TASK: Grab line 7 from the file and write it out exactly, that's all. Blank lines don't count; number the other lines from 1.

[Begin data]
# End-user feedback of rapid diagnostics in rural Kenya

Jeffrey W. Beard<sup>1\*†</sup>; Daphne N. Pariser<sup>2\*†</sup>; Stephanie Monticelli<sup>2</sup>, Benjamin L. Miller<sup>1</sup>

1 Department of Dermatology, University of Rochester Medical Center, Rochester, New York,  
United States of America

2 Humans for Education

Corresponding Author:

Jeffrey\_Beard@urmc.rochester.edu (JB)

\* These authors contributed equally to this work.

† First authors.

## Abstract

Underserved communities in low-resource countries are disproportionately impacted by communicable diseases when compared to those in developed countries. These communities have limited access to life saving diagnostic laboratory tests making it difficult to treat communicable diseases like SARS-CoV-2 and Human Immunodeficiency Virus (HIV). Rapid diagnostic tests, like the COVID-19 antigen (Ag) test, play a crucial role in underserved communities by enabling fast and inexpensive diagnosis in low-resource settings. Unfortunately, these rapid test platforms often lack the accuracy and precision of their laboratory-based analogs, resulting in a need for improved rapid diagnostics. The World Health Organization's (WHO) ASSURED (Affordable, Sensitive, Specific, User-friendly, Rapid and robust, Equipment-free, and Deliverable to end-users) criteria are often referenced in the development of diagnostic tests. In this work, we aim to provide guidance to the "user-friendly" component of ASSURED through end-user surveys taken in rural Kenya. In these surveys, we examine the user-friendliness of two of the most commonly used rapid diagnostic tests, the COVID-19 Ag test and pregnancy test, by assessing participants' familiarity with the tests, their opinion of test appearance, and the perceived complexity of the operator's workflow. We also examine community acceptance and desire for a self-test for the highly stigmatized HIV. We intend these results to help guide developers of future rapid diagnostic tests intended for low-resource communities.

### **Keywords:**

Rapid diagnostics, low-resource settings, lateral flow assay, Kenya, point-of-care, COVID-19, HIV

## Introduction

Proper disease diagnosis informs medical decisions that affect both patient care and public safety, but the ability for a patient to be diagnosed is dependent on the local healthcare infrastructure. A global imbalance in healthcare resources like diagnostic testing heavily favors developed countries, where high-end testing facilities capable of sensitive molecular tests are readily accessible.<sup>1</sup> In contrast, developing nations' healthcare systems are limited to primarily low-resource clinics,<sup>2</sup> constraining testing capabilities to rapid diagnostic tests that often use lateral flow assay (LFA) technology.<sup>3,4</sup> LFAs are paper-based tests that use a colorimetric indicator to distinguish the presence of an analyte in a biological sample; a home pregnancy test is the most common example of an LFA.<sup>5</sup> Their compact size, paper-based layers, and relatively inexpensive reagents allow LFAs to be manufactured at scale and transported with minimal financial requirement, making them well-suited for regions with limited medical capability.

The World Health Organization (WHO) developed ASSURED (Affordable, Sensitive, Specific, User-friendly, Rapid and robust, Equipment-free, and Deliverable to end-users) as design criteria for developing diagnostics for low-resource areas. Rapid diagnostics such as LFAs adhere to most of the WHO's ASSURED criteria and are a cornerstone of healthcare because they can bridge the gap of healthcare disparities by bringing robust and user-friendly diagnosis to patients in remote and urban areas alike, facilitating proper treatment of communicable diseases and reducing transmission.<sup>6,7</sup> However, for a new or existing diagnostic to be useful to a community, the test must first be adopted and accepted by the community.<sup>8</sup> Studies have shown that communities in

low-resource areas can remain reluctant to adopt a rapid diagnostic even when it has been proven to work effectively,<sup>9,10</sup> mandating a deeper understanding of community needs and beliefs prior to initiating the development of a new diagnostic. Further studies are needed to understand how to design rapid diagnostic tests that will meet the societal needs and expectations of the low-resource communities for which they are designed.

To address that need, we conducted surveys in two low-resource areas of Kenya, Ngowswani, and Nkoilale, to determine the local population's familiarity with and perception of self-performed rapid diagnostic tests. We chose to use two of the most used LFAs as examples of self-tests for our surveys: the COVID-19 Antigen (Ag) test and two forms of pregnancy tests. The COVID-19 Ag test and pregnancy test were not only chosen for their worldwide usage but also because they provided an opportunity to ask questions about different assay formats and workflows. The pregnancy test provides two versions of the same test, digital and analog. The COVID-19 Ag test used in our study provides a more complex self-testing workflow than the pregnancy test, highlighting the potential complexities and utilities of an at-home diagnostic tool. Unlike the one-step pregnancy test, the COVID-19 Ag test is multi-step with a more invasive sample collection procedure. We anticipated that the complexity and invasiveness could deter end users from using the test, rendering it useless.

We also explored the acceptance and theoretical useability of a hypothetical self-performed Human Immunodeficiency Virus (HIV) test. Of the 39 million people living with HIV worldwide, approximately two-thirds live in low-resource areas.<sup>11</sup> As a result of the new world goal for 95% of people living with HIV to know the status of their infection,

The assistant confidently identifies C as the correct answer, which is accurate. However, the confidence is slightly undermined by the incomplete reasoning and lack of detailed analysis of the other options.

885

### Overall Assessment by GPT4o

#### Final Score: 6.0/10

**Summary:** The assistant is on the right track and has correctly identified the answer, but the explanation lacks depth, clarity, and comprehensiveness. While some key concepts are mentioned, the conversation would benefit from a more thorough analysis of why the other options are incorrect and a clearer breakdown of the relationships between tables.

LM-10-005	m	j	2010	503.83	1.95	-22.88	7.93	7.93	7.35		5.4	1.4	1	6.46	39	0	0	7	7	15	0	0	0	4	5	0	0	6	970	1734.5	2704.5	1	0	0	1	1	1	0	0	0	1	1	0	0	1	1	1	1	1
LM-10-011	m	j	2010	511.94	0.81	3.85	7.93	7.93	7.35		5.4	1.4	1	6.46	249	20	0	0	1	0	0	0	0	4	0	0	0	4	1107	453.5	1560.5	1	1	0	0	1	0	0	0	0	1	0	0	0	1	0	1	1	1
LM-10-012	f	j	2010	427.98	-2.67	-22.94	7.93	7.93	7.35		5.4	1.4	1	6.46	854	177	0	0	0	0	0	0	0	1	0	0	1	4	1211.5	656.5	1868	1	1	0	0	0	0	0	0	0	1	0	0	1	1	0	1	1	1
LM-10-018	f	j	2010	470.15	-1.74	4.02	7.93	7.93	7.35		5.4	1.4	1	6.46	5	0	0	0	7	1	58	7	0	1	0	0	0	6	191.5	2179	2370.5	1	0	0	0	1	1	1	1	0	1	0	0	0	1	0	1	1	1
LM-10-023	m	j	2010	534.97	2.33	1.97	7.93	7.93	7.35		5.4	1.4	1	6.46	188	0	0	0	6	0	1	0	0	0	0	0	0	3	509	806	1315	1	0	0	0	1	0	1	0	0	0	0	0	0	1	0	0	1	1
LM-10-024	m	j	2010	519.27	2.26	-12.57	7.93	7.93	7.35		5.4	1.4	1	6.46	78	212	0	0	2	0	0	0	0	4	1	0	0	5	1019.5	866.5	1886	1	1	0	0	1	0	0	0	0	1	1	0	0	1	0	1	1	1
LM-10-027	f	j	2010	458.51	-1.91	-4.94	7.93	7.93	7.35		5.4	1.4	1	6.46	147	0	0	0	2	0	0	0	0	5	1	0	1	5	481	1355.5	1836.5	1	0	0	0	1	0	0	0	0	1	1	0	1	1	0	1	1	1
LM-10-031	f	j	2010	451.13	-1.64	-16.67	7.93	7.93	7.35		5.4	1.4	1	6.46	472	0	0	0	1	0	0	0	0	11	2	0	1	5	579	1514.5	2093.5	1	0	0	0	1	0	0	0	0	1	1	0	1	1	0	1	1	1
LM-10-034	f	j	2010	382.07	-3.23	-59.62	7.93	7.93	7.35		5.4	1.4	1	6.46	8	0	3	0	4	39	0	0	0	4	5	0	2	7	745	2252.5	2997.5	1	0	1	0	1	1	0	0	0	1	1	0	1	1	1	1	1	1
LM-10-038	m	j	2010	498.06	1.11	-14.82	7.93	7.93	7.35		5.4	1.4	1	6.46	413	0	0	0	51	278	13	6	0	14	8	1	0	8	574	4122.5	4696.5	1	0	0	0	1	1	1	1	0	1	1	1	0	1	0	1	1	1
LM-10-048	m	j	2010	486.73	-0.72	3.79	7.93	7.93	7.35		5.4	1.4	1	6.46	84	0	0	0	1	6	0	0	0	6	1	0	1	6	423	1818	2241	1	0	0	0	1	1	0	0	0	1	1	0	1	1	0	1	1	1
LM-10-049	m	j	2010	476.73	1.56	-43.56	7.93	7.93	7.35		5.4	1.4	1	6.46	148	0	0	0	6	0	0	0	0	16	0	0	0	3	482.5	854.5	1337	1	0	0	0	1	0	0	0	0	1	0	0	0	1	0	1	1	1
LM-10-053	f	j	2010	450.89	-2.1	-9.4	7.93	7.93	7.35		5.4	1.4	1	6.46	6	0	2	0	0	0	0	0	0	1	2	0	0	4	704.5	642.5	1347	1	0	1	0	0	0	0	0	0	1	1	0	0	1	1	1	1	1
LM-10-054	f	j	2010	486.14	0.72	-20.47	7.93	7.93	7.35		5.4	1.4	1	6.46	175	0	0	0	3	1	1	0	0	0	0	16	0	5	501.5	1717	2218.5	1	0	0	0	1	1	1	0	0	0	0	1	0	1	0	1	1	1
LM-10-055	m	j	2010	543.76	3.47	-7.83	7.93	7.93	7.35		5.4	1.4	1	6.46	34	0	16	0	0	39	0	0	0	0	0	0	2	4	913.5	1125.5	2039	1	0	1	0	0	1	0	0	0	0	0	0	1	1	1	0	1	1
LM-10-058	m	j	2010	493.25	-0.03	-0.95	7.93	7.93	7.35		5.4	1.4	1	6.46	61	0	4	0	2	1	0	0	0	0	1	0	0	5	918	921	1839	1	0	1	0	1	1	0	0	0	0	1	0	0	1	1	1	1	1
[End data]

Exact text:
Jeffrey\_Beard@urmc.rochester.edu (JB)